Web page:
The pandemic is a big problem. Climate change is an even bigger problem. But the meta-problem is ecological overshoot.
Plagues and heat waves — along with plunging biodiversity; fishery collapses; soil and land degradation; land, water and sea pollution; resource shortages, etc. — are mere symptoms of a much greater planetary malaise. Ecological overshoot means there are way too many people using vastly too much energy and material resources and dumping too much waste.
In more technical terms, humanity’s consumption of even renewable resources and our production of wastes exceeds the regenerative and assimilative capacities of the ecosphere. This is the biophysical definition of “unsustainable,” and a harbinger of pending systems collapse.
Avoiding the collapse of one’s civilization would seem to be job one for political leaders. And yesterday they received yet another “code red” reminder of what is at stake from the Intergovernmental Panel on Climate Change.
Yet few politicians have even heard of overshoot. Concern about its implications has yet to penetrate economic and developmental policy circles.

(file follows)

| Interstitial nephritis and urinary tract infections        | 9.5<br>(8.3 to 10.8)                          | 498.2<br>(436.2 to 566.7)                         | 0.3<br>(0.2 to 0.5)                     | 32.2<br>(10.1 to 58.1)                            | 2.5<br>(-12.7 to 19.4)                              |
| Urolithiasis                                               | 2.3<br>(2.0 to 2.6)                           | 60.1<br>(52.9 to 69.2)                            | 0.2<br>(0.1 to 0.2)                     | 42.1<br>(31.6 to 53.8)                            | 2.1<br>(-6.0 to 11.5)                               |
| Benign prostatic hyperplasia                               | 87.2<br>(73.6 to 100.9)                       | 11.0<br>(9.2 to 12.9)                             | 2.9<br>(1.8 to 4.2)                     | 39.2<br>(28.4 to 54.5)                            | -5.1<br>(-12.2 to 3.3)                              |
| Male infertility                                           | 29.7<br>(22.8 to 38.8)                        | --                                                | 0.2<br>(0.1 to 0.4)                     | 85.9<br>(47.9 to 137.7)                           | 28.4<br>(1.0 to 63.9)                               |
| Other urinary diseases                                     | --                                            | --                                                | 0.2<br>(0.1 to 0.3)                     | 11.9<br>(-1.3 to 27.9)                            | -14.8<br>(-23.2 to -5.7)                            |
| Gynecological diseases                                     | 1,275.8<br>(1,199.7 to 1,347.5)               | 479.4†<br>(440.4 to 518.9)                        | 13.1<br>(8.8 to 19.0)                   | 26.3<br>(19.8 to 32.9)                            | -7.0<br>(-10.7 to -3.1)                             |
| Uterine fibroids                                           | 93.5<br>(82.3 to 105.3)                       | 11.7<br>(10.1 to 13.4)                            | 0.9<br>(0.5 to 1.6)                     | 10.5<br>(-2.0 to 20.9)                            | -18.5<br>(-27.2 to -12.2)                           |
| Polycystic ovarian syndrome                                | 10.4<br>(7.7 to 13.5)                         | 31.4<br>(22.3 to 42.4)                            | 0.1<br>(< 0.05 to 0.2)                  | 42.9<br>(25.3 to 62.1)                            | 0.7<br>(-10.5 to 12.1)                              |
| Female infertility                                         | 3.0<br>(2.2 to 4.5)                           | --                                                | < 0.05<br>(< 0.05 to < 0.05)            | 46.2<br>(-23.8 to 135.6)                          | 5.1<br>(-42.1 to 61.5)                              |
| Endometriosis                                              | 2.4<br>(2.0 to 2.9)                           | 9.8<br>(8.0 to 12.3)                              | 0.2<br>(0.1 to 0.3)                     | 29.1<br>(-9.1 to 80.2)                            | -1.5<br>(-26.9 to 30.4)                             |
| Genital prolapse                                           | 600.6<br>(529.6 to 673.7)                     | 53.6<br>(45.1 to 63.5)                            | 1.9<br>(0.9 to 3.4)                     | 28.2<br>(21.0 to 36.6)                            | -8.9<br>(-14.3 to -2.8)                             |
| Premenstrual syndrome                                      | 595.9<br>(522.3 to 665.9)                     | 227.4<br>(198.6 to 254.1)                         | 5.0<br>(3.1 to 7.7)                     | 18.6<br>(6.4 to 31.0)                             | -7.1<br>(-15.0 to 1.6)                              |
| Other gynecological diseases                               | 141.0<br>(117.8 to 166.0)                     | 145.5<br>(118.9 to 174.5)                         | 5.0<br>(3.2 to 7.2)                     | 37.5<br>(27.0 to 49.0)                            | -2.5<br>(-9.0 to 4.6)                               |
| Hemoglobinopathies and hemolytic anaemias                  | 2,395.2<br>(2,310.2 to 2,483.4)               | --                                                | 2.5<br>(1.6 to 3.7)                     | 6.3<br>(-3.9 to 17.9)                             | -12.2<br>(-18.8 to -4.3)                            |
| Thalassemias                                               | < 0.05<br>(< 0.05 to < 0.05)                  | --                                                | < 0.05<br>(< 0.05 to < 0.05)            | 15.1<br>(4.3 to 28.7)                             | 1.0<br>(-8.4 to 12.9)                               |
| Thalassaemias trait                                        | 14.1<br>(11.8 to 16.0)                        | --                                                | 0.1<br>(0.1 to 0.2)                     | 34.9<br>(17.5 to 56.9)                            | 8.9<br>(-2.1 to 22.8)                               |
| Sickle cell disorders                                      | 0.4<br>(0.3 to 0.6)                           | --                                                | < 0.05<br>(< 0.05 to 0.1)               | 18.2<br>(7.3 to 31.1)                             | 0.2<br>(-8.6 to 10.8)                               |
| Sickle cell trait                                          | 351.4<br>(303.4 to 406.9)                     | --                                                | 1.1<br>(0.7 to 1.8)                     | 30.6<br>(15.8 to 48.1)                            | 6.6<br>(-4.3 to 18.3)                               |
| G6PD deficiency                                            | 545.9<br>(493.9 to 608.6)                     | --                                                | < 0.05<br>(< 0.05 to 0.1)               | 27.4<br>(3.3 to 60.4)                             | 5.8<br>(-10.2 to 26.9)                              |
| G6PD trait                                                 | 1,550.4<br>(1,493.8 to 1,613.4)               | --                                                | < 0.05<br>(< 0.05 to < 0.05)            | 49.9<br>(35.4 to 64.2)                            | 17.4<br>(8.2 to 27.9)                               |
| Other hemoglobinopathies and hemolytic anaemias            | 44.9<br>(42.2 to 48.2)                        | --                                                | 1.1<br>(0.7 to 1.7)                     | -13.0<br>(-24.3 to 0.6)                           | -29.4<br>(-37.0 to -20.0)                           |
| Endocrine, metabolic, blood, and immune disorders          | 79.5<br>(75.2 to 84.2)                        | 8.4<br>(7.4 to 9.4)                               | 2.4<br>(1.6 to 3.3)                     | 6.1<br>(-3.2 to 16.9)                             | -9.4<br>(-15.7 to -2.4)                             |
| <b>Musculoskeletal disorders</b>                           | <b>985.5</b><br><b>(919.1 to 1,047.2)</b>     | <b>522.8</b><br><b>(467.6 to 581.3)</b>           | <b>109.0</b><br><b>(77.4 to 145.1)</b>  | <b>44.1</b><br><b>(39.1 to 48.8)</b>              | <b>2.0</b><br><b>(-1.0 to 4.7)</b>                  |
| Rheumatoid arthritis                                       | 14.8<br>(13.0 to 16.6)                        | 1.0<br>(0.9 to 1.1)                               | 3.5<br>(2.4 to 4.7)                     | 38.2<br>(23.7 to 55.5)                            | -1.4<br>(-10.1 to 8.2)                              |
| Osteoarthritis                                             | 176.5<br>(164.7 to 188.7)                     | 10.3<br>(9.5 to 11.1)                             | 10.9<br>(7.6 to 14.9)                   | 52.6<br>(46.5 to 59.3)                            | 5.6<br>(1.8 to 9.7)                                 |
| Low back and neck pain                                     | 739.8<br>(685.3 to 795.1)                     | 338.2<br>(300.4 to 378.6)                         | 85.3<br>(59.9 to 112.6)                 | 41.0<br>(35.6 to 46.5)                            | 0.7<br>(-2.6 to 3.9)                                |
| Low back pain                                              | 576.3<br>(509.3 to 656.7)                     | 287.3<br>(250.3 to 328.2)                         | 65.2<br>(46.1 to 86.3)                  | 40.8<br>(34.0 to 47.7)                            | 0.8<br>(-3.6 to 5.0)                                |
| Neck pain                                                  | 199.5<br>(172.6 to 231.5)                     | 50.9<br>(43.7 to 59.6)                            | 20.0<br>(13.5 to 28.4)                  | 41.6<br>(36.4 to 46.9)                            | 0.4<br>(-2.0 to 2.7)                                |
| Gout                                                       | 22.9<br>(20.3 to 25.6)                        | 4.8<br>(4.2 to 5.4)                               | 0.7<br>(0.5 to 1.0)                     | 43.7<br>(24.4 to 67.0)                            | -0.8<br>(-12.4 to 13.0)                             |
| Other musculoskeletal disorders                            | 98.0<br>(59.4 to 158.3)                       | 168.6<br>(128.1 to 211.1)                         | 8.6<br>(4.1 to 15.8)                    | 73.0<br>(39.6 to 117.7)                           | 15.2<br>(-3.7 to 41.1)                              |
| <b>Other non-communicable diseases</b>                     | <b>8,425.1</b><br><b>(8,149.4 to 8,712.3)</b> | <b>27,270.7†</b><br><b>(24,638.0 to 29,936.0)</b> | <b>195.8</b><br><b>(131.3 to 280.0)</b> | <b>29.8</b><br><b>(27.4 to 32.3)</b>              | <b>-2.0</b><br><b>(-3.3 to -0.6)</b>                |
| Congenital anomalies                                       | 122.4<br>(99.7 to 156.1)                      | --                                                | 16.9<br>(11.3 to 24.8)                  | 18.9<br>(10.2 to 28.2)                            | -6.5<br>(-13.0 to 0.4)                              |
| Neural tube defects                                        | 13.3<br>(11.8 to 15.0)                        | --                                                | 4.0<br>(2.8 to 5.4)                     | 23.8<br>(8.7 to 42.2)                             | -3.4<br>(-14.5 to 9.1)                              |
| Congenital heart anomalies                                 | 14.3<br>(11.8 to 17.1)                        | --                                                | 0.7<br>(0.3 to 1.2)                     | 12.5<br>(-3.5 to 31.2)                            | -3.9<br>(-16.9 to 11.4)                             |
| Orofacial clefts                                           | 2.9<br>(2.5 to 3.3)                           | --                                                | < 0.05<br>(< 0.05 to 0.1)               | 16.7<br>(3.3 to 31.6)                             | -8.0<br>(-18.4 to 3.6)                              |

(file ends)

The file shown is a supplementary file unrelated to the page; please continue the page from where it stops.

It therefore seems fair to ask: What accounts for such political deafness? One obvious earplug is the neoliberal economics dominant in the world today. Its adherents assume that:
- The economy is separate from, and can function independently of, the biophysical “environment.”
- Important relationships between variables change predictably and if they deviate from desirable comfort zones, can be reversed.
- The “factors of production” (finance capital, natural capital, manufactured capital, human capital) are near-perfect substitutes. For example, human ingenuity — technology — can make up for any potentially limiting natural resource.
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